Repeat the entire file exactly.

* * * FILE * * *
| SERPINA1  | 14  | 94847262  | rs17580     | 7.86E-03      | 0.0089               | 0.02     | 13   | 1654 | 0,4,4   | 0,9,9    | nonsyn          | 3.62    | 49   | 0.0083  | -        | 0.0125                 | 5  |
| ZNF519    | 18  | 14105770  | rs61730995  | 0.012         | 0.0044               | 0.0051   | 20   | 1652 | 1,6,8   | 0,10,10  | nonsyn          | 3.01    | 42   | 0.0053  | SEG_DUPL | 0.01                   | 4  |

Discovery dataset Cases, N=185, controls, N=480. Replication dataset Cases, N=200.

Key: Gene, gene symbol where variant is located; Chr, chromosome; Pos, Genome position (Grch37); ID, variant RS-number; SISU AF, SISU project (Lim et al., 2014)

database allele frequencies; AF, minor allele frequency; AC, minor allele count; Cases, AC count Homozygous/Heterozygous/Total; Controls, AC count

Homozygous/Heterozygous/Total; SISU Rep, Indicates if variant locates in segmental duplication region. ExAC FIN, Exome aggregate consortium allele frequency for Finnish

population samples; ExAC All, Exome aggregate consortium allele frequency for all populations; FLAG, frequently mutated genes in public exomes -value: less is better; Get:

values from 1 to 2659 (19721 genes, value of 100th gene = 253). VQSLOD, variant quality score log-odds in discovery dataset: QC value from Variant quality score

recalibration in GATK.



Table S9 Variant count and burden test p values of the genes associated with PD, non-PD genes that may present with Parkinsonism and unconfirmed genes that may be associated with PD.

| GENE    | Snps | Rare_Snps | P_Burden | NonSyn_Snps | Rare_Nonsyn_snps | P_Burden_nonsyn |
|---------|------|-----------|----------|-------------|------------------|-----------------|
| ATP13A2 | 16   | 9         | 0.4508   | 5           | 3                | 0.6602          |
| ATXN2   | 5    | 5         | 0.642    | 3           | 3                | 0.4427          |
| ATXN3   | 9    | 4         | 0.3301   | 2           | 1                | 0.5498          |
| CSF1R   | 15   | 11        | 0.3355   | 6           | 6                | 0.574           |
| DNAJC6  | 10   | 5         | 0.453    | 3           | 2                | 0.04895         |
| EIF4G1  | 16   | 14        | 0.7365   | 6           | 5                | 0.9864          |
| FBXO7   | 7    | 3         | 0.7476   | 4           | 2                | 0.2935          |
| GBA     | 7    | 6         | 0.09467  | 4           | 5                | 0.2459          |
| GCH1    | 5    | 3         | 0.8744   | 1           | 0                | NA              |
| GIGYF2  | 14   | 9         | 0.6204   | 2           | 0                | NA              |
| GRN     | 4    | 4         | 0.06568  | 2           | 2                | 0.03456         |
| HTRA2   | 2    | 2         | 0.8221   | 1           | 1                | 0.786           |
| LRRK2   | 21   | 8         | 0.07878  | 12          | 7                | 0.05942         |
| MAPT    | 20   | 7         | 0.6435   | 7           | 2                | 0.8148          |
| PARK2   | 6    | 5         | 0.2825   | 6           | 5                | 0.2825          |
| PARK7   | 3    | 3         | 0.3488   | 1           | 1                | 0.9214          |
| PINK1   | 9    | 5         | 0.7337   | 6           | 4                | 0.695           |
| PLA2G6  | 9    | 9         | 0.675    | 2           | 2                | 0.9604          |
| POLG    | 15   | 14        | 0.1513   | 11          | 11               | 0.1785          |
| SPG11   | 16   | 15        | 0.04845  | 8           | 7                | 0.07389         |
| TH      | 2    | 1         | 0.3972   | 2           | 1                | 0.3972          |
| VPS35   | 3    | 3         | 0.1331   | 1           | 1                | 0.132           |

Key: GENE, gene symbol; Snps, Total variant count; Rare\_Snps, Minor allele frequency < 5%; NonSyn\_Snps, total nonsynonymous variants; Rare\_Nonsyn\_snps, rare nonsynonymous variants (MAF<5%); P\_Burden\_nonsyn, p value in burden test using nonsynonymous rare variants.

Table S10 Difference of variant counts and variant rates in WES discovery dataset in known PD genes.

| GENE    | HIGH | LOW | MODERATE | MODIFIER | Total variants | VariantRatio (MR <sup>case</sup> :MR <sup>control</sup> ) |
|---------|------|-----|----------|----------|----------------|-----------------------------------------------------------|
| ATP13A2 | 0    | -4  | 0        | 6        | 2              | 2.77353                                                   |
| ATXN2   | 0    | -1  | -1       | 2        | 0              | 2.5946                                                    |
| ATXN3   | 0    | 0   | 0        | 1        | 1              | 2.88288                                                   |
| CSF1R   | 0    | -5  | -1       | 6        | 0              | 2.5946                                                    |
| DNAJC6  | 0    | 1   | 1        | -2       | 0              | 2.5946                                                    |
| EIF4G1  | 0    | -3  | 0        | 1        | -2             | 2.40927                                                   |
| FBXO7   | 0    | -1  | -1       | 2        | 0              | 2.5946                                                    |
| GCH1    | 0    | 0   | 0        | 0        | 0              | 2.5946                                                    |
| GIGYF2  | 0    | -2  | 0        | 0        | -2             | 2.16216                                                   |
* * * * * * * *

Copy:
| SERPINA1  | 14  | 94847262  | rs17580     | 7.86E-03      | 0.0089               | 0.02     | 13   | 1654 | 0,4,4   | 0,9,9    | nonsyn          | 3.62    | 49   | 0.0083  | -        | 0.0125                 | 5  |
| ZNF519    | 18  | 14105770  | rs61730995  | 0.012         | 0.0044               | 0.0051   | 20   | 1652 | 1,6,8   | 0,10,10  | nonsyn          | 3.01    | 42   | 0.0053  | SEG_DUPL | 0.01                   | 4  |

Discovery dataset Cases, N=185, controls, N=480. Replication dataset Cases, N=200.

Key: Gene, gene symbol where variant is located; Chr, chromosome; Pos, Genome position (Grch37); ID, variant RS-number; SISU AF, SISU project (Lim et al., 2014)

database allele frequencies; AF, minor allele frequency; AC, minor allele count; Cases, AC count Homozygous/Heterozygous/Total; Controls, AC count

Homozygous/Heterozygous/Total; SISU Rep, Indicates if variant locates in segmental duplication region. ExAC FIN, Exome aggregate consortium allele frequency for Finnish

population samples; ExAC All, Exome aggregate consortium allele frequency for all populations; FLAG, frequently mutated genes in public exomes -value: less is better; Get:

values from 1 to 2659 (19721 genes, value of 100th gene = 253). VQSLOD, variant quality score log-odds in discovery dataset: QC value from Variant quality score

recalibration in GATK.



Table S9 Variant count and burden test p values of the genes associated with PD, non-PD genes that may present with Parkinsonism and unconfirmed genes that may be associated with PD.

| GENE    | Snps | Rare_Snps | P_Burden | NonSyn_Snps | Rare_Nonsyn_snps | P_Burden_nonsyn |
|---------|------|-----------|----------|-------------|------------------|-----------------|
| ATP13A2 | 16   | 9         | 0.4508   | 5           | 3                | 0.6602          |
| ATXN2   | 5    | 5         | 0.642    | 3           | 3                | 0.4427          |
| ATXN3   | 9    | 4         | 0.3301   | 2           | 1                | 0.5498          |
| CSF1R   | 15   | 11        | 0.3355   | 6           | 6                | 0.574           |
| DNAJC6  | 10   | 5         | 0.453    | 3           | 2                | 0.04895         |
| EIF4G1  | 16   | 14        | 0.7365   | 6           | 5                | 0.9864          |
| FBXO7   | 7    | 3         | 0.7476   | 4           | 2                | 0.2935          |
| GBA     | 7    | 6         | 0.09467  | 4           | 5                | 0.2459          |
| GCH1    | 5    | 3         | 0.8744   | 1           | 0                | NA              |
| GIGYF2  | 14   | 9         | 0.6204   | 2           | 0                | NA              |
| GRN     | 4    | 4         | 0.06568  | 2           | 2                | 0.03456         |
| HTRA2   | 2    | 2         | 0.8221   | 1           | 1                | 0.786           |
| LRRK2   | 21   | 8         | 0.07878  | 12          | 7                | 0.05942         |
| MAPT    | 20   | 7         | 0.6435   | 7           | 2                | 0.8148          |
| PARK2   | 6    | 5         | 0.2825   | 6           | 5                | 0.2825          |
| PARK7   | 3    | 3         | 0.3488   | 1           | 1                | 0.9214          |
| PINK1   | 9    | 5         | 0.7337   | 6           | 4                | 0.695           |
| PLA2G6  | 9    | 9         | 0.675    | 2           | 2                | 0.9604          |
| POLG    | 15   | 14        | 0.1513   | 11          | 11               | 0.1785          |
| SPG11   | 16   | 15        | 0.04845  | 8           | 7                | 0.07389         |
| TH      | 2    | 1         | 0.3972   | 2           | 1                | 0.3972          |
| VPS35   | 3    | 3         | 0.1331   | 1           | 1                | 0.132           |

Key: GENE, gene symbol; Snps, Total variant count; Rare\_Snps, Minor allele frequency < 5%; NonSyn\_Snps, total nonsynonymous variants; Rare\_Nonsyn\_snps, rare nonsynonymous variants (MAF<5%); P\_Burden\_nonsyn, p value in burden test using nonsynonymous rare variants.

Table S10 Difference of variant counts and variant rates in WES discovery dataset in known PD genes.

| GENE    | HIGH | LOW | MODERATE | MODIFIER | Total variants | VariantRatio (MR <sup>case</sup> :MR <sup>control</sup> ) |
|---------|------|-----|----------|----------|----------------|-----------------------------------------------------------|
| ATP13A2 | 0    | -4  | 0        | 6        | 2              | 2.77353                                                   |
| ATXN2   | 0    | -1  | -1       | 2        | 0              | 2.5946                                                    |
| ATXN3   | 0    | 0   | 0        | 1        | 1              | 2.88288                                                   |
| CSF1R   | 0    | -5  | -1       | 6        | 0              | 2.5946                                                    |
| DNAJC6  | 0    | 1   | 1        | -2       | 0              | 2.5946                                                    |
| EIF4G1  | 0    | -3  | 0        | 1        | -2             | 2.40927                                                   |
| FBXO7   | 0    | -1  | -1       | 2        | 0              | 2.5946                                                    |
| GCH1    | 0    | 0   | 0        | 0        | 0              | 2.5946                                                    |
| GIGYF2  | 0    | -2  | 0        | 0        | -2             | 2.16216                                                   |